Micerc a guide for Developing Crisis Communication Plans Office of Public Health Preparedness

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Public Education Campaigns

The activities mentioned above are vital components of a public education campaign. They use informal means to educate the public of where to turn for information and increase community awareness about urgent public health events and what to do. The next step in pre-event planning involves using formal mediums to communicate these messages, including television, radio, print, web sites, billboards, buses, and flyers. The following list is a sampling of pro-active steps that can be taken:

  • Connect to the media by soliciting news coverage of an event or offer ideas for feature stories.

  • Invite the public to respond to a short survey in the newspaper about where they go to get health information.

  • Write a press release to notify reporters of an upcoming preparedness event.

  • Develop public service announcements for radio and TV.

  • Disseminate health information packets to the media containing vital information about a variety of public health threats.

Section Five

Strategic National Stockpile

Communications for the Strategic National Stockpile (SNS)

During a large-scale emergency, public fear and anxiety may frustrate your ability to distribute and dispense prophylaxis to those who really need it. Dread of disease and fear of contagion are estranging forces. But keep in mind that there is no evidence to support the Hollywood inspired images of hysterical mobs driven by the single-minded goal of self-preservation, at the expense to others. An effective health communications plan acknowledges peoples sense of fear and asks them to bear the risks and work toward solution.

Action oriented communicators can help the public determine the danger and take practical steps to reduce the chance of illness. SNS communication materials should offer understandable explanations of why a strategy is or is not recommended and warn the public to expect conflicting answers while the best solution is being identified. When writing communication messages for your SNS plan, be sure they contain accurate and comprehensive information about the threat, dispensing efforts to protect the potentially exposed, and treatment efforts to care for the sick. Threat-specific messages tell people specific information about the protective drug regimens that the state or local government will provide to protect them, and the routine that they should expect when they go to the dispensing site.

An effective health communications plan will have messages and information materials prepared before an emergency so that authorities can quickly add incident specific data at the onset of an emergency. The number of dispensing and treatment locations, for instance, will depend upon the scale and type of threat. A large-scale threat will require more dispensing sites, but if contagion is a concern, the number of treatment centers may be limited, and therefore may be quite large. Public information officers will need to know where the active dispensing and treatment locations are before they can effectively inform the public.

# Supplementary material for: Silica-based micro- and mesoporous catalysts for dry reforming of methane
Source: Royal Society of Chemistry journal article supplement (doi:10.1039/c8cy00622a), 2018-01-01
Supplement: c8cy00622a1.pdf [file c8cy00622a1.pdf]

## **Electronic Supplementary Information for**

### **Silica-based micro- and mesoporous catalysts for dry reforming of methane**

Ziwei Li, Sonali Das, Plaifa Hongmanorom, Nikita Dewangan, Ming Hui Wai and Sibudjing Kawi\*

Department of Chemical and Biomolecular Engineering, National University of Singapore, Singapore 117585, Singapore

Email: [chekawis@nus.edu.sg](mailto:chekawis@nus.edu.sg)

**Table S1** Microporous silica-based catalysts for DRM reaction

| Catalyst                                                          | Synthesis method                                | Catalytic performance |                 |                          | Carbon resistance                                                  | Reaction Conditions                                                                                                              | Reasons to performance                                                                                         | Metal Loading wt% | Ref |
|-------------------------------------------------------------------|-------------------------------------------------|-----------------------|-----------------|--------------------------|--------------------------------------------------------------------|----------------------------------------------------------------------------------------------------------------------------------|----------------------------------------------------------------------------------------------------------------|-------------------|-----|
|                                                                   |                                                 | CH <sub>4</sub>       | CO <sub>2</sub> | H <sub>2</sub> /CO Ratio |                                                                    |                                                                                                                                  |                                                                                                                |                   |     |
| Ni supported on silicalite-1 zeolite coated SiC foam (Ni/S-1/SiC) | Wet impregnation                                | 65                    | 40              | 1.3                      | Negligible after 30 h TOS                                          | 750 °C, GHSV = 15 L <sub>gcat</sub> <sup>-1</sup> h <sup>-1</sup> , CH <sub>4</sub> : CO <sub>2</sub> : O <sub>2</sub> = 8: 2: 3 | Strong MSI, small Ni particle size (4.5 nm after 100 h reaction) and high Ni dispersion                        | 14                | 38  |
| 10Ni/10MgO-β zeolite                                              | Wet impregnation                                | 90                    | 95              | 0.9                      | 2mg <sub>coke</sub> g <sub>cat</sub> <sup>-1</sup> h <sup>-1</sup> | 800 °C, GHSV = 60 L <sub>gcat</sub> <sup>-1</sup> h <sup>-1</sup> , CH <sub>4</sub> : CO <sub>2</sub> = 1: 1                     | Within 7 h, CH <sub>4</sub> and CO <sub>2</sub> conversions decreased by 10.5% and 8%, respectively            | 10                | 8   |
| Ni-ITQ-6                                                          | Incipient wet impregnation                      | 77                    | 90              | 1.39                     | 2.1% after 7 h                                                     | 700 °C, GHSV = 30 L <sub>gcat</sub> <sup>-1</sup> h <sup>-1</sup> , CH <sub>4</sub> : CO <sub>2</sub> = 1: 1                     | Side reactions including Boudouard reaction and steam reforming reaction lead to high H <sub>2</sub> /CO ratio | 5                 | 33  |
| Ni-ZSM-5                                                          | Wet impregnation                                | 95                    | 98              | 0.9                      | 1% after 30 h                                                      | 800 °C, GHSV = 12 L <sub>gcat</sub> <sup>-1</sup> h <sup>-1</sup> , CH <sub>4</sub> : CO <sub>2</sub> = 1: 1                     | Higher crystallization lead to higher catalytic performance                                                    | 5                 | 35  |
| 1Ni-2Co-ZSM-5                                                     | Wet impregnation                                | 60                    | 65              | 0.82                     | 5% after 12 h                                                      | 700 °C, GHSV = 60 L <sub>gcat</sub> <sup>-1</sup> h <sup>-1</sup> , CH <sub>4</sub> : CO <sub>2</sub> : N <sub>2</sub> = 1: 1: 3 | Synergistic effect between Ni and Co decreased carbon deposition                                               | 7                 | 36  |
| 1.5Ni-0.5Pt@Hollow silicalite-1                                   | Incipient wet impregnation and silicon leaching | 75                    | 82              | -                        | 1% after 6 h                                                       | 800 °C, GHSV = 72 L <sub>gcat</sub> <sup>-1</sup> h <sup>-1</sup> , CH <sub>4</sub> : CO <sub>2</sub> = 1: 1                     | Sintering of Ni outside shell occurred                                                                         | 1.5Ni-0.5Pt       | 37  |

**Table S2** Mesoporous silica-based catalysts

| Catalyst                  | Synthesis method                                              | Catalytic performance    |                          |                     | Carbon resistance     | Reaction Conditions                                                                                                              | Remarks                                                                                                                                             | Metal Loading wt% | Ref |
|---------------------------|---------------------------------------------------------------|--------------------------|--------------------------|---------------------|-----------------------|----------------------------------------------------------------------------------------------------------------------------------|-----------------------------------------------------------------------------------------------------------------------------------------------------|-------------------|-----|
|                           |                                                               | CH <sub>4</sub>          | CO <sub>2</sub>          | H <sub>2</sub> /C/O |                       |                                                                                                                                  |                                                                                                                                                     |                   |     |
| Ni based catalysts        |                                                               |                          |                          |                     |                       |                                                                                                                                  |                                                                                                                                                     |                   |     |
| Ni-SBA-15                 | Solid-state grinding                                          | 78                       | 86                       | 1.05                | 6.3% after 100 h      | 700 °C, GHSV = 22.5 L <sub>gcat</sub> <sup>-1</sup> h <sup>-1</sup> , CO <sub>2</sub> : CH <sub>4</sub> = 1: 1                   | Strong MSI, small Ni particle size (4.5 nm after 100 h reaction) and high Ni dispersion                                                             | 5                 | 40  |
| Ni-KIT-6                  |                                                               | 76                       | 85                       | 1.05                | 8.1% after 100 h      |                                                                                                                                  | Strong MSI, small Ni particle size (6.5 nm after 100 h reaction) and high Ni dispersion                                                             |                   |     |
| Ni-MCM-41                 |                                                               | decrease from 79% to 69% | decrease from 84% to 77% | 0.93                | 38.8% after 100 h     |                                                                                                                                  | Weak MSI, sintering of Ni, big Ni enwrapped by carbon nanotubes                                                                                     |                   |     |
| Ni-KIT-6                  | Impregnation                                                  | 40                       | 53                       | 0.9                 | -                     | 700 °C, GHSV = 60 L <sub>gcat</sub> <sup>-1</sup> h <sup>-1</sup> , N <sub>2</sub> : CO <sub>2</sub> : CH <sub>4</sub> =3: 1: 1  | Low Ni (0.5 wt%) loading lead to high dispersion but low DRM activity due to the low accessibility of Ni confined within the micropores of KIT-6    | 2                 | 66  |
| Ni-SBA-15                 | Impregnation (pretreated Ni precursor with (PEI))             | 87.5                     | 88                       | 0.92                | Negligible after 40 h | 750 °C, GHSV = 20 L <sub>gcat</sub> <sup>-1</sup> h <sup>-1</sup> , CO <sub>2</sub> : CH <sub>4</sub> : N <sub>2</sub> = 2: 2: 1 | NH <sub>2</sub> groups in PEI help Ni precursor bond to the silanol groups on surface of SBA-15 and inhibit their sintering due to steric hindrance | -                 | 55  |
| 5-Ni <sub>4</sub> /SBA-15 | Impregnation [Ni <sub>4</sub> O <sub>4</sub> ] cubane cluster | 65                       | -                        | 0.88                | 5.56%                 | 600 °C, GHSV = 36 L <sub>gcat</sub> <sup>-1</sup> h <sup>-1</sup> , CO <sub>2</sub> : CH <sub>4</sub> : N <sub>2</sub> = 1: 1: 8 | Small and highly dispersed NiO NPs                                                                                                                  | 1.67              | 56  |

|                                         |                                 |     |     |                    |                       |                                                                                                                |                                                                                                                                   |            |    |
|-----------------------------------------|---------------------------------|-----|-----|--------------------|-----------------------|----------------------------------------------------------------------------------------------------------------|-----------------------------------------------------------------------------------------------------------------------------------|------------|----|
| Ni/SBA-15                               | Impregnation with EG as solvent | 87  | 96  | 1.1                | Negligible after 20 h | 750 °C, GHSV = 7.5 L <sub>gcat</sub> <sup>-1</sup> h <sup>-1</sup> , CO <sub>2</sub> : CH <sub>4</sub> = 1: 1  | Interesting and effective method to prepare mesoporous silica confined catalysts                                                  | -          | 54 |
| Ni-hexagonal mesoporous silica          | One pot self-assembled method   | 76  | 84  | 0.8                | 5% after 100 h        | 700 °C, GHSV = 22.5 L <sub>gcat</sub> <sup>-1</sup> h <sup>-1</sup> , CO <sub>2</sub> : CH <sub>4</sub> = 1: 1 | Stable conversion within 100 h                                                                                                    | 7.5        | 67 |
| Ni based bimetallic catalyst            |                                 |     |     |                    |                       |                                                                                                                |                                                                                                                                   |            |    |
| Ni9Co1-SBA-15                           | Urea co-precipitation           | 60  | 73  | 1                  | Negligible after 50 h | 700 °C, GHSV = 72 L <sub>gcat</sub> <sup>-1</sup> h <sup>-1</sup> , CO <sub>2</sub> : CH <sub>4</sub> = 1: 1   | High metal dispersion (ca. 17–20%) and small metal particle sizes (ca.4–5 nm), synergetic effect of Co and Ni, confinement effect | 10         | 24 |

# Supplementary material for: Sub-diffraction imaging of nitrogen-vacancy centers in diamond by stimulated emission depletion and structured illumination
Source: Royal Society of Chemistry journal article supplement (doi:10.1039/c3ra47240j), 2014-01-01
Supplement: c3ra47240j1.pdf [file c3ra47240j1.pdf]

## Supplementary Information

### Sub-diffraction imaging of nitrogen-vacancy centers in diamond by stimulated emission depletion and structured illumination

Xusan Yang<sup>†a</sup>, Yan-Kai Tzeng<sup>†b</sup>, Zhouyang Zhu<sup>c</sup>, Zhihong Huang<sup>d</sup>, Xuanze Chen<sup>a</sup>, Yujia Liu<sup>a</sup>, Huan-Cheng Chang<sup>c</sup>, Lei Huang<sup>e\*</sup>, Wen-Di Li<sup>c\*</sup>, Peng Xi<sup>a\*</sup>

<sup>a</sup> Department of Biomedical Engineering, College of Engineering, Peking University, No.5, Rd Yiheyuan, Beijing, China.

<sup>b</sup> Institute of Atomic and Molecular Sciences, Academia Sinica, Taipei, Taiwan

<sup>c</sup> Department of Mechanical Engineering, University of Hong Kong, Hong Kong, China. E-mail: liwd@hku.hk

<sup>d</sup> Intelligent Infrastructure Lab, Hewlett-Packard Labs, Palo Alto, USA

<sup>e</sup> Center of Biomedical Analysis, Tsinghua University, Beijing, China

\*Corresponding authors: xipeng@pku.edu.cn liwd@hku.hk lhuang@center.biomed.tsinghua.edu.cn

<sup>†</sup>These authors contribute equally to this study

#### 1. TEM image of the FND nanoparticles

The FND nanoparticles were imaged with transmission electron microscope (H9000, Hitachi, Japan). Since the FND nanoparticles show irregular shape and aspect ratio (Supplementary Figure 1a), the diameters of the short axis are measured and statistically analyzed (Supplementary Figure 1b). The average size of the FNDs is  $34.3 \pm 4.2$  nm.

When completed, your health communications plan should include the following:

  • Multi-language (languages commonly spoken in your area) text of all documents used to inform the public during an emergency. These include TV and radio public information announcements and the informational materials, forms, scripts, and videos that dispensing sites use when issuing prophylaxis to the public

  • Storage location of all informational materials (including electronic versions)

  • Methods for reproducing and disseminating informational materials during an emergency, and

  • Specific communication channels, partnerships and staffing pools that support public information release, reproduction and dissemination. The last should include volunteers or contractual professionals to

      • Serve as on-site interpreters for people who do not speak English, are hearing impaired, and

      • Assist with public information campaigns, printing needs and on-site public information assistance

Tips for Public Health Leaders:

From ‘Dilemmas of Governance’ ppt briefing, Johns Hopkins Center for Civilian Biodefense Strategies www.hopkins-biodefense.org

Respect the publics need to know. People need to be fully and honestly informed in order to trust leadership. The more government tries to hide the more suspect people become. “The federal government has to have the cooperation from the American people. There is no federal force out there that can require 300,000,000 people to take steps they don’t want to take.” Sam Nunn, playing the President, Dark Winter bioterrorist exercise, June 2001.

Respondents to a national poll said they believed that if it were not possible to vaccinate everyone quickly, wealthy and influential people would get the vaccine first. Leaders are in the unfortunate position of having to prove inequities will not prevail. Plans should take income disparities into account. Be sure your disease controls to do not appear arbitrary, the public may judge health leaders undeserving of the populations cooperation if there are inequities in access to resources. You might want to consider setting up mass vaccination clinics in locations accessible for people without transportation, and informing the public that the emergency treatment is free.

When tragic choices like distributing scarce, life-saving medical resources arise, such public decisions require full disclosure, with clearly stated facts and rationale on the table, and due diligence given to distributing benefits and burdens justly. Provide evidence that access is based on need, not money or favored state. One preventative measure for members of the public feeling as if eligibility criteria have been arbitrarily imposed is to provide meaningful opportunities for them to comment upon policy options under consideration.